According to a definition in the policy, "Covered Monthly Earnings" means "the Insured's basic monthly salary received from [the Employer] on the Policy anniversary just before the date of Total Disability. Covered Monthly Earnings do not include commissions, overtime pay, bonuses or any other special compensation not received as Covered Monthly Earnings." Aplt. App. at 32. The parties agree that plaintiff's Covered Monthly Earnings were $2,858.00 (from his annual base salary of $34,296.00) and that his disability benefit calculated under subsection (1) was $1,906.29. Reliance initially began paying plaintiff a benefit in that amount. In July of 1990, however, plaintiff also began receiving social security disability payments of $910 per month. Because such payments fall within the definition of "Other Income Benefits" used in subsection (2) above, plaintiff's monthly benefit under the policy was affected. The parties agree that after July of 1990, plaintiff's benefit was to be determined in accordance with subsection (2), because the benefit under that subsection would clearly be less than under subsection (1). The parties disagree, however, on the proper method of calculating the benefit under subsection (2).
The dispute turns on the term "total earnings," which was not defined in the policy. In calculating plaintiff's benefit under subsection (2), Reliance determined that plaintiff's basic monthly salary of $2858.00 constituted his "total earnings." Accordingly, it took 70% of that figure (or $2,000.60), and subtracted the $910 social security benefit, resulting in a monthly benefit of $ 1,090.60. Plaintiff, on the other hand, asserted that his "total earnings" included additional compensation he received from the School District for performing extra work, as well as health insurance premiums and retirement contributions that were paid by the School District on his behalf as required under the terms of a collective bargaining agreement. According to plaintiff, his monthly benefit taking into account these other sums should have been $1,742.48.4 The district court agreed and granted plaintiff's motion for summary judgment with respect to this claim, finding that "total earnings" was clear and unambiguous and that it included the benefits and additional compensation provided to plaintiff by the School District.
The law of Wyoming governs in this diversity action. See e.g., Barrett v. Tallon, 30 F.3d 1296, 1300 (10th Cir. 1994). Under Wyoming law, an insurance policy is a contract, and the general rules of contract construction apply to insurance agreements. St. Paul Fire and Marine Ins. Co. v. Albany Co. School Dist., 763 P.2d 1255, 1258 (Wyo. 1988). The court determines the intent of the parties by examining the written agreement and by giving the words used the meaning that a reasonable person in the position of the insured would understand them to mean. Kirkwood v. CUNA Mut. Ins. Society, 937 P.2d 206, 208 (1997). If the policy language is clear and unambiguous, the policy must be interpreted in accordance with the ordinary and usual meaning of its terms. Albany School Dist., 763 P.2d at 1258. An exception to construing insurance policies as other contracts has been recognized where the language of the policy is ambiguous, in which case the policy must be strictly construed against the insurer. Id. See also Ahrenholtz v. Time Ins. Co., 968 P.2d 946, 949 (Wyo. 1998). An ambiguity exists when a contract is obscure in its meaning because of indefiniteness of expression or because it contains a double meaning. Kirkwood, 937 P.2d at 208.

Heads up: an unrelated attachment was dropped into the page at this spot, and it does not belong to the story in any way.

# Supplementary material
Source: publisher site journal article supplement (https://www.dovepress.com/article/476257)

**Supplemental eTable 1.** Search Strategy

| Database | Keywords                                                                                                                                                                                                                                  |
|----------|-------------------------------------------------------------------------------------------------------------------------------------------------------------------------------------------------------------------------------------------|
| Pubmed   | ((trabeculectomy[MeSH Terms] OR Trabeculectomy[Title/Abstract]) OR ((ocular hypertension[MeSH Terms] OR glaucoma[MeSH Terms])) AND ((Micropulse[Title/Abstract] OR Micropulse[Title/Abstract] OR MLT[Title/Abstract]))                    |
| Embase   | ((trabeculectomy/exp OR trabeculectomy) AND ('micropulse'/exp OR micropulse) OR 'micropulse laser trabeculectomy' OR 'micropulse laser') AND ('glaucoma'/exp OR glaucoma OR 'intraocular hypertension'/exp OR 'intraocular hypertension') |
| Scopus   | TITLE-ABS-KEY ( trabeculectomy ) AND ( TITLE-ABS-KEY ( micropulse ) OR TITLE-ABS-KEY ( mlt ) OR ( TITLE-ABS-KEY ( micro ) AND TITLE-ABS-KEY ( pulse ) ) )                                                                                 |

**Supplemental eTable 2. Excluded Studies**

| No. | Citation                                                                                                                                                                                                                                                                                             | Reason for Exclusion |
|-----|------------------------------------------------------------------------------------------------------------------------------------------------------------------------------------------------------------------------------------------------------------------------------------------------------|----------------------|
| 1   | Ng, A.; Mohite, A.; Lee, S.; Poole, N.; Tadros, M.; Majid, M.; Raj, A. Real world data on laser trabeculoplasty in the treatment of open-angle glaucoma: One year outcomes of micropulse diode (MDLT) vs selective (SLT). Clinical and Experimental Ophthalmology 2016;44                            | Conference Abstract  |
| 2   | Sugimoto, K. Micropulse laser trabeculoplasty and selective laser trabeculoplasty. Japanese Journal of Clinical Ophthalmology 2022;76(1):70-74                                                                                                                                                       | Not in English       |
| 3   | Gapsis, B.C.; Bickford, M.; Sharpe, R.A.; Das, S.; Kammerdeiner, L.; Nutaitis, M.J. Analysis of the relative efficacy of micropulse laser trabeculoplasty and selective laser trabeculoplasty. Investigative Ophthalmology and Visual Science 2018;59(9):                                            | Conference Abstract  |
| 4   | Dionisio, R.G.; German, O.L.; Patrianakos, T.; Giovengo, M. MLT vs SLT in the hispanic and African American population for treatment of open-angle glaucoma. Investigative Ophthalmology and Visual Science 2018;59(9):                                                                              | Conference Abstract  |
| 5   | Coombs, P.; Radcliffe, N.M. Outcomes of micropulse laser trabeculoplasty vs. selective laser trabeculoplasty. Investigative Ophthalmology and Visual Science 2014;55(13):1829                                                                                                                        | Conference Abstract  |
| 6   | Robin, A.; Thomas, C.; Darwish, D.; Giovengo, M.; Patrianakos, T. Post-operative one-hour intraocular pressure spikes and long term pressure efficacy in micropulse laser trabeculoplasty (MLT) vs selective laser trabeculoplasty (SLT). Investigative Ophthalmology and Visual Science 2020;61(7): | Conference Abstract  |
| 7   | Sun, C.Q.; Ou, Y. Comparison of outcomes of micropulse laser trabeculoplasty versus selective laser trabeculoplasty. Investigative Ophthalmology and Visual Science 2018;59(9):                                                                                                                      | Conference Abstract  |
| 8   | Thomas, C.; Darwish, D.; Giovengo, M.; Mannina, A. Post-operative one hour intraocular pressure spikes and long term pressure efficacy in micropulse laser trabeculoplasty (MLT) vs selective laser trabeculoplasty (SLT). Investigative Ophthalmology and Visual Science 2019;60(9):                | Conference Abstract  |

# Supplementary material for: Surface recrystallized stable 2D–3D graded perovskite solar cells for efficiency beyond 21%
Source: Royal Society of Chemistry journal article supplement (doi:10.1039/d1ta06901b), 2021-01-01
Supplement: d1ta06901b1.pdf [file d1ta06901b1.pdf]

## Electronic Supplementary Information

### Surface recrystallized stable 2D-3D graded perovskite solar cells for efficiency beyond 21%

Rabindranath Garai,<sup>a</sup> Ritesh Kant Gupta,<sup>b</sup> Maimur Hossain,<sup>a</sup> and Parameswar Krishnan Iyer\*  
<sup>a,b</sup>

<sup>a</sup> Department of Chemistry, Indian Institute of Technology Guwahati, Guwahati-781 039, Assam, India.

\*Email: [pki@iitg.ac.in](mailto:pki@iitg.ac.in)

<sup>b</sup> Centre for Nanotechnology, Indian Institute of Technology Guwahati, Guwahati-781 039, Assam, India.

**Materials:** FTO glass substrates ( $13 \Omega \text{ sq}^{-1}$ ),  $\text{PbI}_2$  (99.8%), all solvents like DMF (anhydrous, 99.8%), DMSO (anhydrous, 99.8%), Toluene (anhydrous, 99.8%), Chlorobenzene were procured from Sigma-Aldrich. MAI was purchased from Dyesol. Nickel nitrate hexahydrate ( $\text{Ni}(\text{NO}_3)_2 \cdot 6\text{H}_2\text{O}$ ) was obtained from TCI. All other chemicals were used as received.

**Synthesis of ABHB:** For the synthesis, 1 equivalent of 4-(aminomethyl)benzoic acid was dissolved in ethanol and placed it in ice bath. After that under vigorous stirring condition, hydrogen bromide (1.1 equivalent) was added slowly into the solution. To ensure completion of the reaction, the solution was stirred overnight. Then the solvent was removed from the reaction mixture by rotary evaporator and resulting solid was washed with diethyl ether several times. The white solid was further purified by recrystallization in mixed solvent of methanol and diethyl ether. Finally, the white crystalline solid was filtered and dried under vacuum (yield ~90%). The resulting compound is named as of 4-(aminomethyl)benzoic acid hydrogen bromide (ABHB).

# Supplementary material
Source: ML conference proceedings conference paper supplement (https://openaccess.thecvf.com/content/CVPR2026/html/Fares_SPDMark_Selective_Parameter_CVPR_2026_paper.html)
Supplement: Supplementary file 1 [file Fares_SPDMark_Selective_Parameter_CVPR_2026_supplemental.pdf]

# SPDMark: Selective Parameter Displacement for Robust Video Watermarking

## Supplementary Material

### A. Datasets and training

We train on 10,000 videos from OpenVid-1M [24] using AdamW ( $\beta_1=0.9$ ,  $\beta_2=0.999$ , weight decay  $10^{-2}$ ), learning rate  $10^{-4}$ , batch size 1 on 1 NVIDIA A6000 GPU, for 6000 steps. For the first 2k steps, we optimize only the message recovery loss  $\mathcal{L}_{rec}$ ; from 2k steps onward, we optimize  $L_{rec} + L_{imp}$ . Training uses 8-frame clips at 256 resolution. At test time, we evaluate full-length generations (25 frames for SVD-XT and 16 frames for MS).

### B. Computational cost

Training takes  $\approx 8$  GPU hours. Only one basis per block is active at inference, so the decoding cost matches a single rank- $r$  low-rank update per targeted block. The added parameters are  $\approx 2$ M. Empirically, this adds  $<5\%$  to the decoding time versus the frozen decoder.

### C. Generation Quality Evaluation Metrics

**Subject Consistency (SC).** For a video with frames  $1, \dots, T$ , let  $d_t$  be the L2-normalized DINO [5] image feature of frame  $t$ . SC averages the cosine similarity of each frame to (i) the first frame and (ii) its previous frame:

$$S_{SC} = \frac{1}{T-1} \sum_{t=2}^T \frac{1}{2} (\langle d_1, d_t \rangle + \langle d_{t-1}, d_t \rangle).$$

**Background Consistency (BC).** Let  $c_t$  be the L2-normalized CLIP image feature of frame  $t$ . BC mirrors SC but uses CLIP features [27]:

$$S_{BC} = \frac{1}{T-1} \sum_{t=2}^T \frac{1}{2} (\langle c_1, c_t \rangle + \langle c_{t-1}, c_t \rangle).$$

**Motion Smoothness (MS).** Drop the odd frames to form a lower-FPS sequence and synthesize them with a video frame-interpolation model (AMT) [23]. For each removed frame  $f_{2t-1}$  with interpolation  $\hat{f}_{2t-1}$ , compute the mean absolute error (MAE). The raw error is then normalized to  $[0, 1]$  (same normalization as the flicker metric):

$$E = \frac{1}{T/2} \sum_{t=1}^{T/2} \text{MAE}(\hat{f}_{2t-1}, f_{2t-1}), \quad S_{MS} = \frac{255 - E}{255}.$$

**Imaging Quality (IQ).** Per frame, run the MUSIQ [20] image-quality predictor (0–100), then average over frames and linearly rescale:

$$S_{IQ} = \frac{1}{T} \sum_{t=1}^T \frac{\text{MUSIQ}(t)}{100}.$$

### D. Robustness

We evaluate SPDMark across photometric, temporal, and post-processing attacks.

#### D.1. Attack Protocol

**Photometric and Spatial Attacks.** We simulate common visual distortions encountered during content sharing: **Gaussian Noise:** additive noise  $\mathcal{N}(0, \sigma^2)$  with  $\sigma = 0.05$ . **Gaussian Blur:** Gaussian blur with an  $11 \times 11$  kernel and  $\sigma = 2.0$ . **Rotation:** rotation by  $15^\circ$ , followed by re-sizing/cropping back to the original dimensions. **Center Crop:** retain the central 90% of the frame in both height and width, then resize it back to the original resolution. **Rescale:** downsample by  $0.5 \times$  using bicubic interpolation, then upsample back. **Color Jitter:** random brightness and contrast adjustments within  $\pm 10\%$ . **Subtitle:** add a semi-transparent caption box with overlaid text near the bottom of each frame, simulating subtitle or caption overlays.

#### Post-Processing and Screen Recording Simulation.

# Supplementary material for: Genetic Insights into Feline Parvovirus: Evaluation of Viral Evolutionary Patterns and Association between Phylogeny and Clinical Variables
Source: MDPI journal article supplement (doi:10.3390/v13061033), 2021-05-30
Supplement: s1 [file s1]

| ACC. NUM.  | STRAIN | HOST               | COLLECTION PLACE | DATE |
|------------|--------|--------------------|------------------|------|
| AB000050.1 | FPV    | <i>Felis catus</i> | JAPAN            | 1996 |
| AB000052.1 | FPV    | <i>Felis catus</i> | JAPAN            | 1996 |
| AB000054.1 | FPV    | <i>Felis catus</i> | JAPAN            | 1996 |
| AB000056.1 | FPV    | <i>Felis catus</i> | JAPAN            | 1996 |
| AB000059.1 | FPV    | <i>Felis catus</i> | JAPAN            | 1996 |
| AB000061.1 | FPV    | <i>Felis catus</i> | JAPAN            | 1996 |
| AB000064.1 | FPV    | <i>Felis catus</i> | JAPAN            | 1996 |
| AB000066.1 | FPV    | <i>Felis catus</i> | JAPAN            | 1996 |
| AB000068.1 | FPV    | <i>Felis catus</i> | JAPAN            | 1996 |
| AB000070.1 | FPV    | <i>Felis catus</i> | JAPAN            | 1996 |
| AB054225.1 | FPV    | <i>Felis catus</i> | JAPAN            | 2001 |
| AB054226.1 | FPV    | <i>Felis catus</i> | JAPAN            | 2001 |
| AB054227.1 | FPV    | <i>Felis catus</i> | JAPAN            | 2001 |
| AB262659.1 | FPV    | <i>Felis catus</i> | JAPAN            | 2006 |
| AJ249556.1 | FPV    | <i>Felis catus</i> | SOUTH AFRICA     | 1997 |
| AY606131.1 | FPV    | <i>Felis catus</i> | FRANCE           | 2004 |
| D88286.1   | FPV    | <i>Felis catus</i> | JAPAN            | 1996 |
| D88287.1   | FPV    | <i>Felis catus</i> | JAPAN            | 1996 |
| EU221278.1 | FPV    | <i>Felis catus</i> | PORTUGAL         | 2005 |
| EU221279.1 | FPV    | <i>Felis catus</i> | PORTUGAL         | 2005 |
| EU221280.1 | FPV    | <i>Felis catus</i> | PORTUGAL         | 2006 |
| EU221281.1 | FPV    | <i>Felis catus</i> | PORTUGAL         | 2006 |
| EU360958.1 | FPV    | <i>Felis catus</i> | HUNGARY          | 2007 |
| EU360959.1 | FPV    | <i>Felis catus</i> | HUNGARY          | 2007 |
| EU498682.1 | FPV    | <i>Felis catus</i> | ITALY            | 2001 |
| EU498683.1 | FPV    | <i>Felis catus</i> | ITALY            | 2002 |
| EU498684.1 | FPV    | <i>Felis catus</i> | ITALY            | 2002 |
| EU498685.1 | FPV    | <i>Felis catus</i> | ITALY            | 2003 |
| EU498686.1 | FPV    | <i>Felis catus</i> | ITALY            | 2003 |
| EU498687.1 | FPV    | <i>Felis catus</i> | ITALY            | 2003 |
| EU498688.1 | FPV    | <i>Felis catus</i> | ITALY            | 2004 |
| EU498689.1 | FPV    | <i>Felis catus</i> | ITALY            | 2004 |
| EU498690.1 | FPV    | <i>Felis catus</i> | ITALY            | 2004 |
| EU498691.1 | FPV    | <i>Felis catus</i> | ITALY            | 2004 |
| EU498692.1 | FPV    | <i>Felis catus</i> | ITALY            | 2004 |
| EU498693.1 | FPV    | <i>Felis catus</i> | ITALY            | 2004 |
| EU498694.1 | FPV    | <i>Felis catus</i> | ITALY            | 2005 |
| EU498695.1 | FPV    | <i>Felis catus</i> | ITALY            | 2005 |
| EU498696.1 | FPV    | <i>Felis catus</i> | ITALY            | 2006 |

We agree with the district court that the policy language is clear and unambiguous. "Earnings" is defined in the dictionary as "something (as wages or dividends) earned as compensation for labor or the use of capital...." Webster's Third New Int'l. Dictionary 714 (1961). Absent any sort of modifier, the term is quite broad. Cf. Black's Law Dictionary 509 (6th Ed. 1990) (noting that "earnings" is broader in meaning than "wages"). The term appeared in this policy with two different modifiers: "Covered Monthly Earnings" and "total earnings." Both of these terms were used in connection with calculating the amount of the insured's disability benefit. Because of this, the terms should be construed with reference to each other, if it is reasonable to do so. "Total earnings" is obviously broader than the more limited "Covered Monthly Earnings," the latter being defined to include base salary but not "commissions, overtime pay, bonuses or any other special compensation." Because these non-covered items clearly fall within the ordinary and usual meaning of "earnings," a reasonable person examining the language must conclude that "total earnings," at a minimum, encompasses those items specifically excluded from "covered monthly earnings." Thus, "total earnings" would include commissions, overtime, bonuses and other special compensation. Cf. Deegan v. Continental Cas. Co., 167 F.3d 502, 507 (9th Cir. 1999) (under an ERISA plan, "earnings" would include the items excluded from plaintiff's salary). As applied here, the $4,579.66 in wages received by plaintiff for special project work in 1988-89, which was above and beyond his regular salary, obviously falls within this category, and is thus properly considered as part of total earnings. Likewise, a reasonable person in the position of the insured would consider the health insurance and retirement contributions paid by the School District, which were part of the compensation earned by plaintiff in his job with the School District, to be part of his total earnings as a teacher for the School District.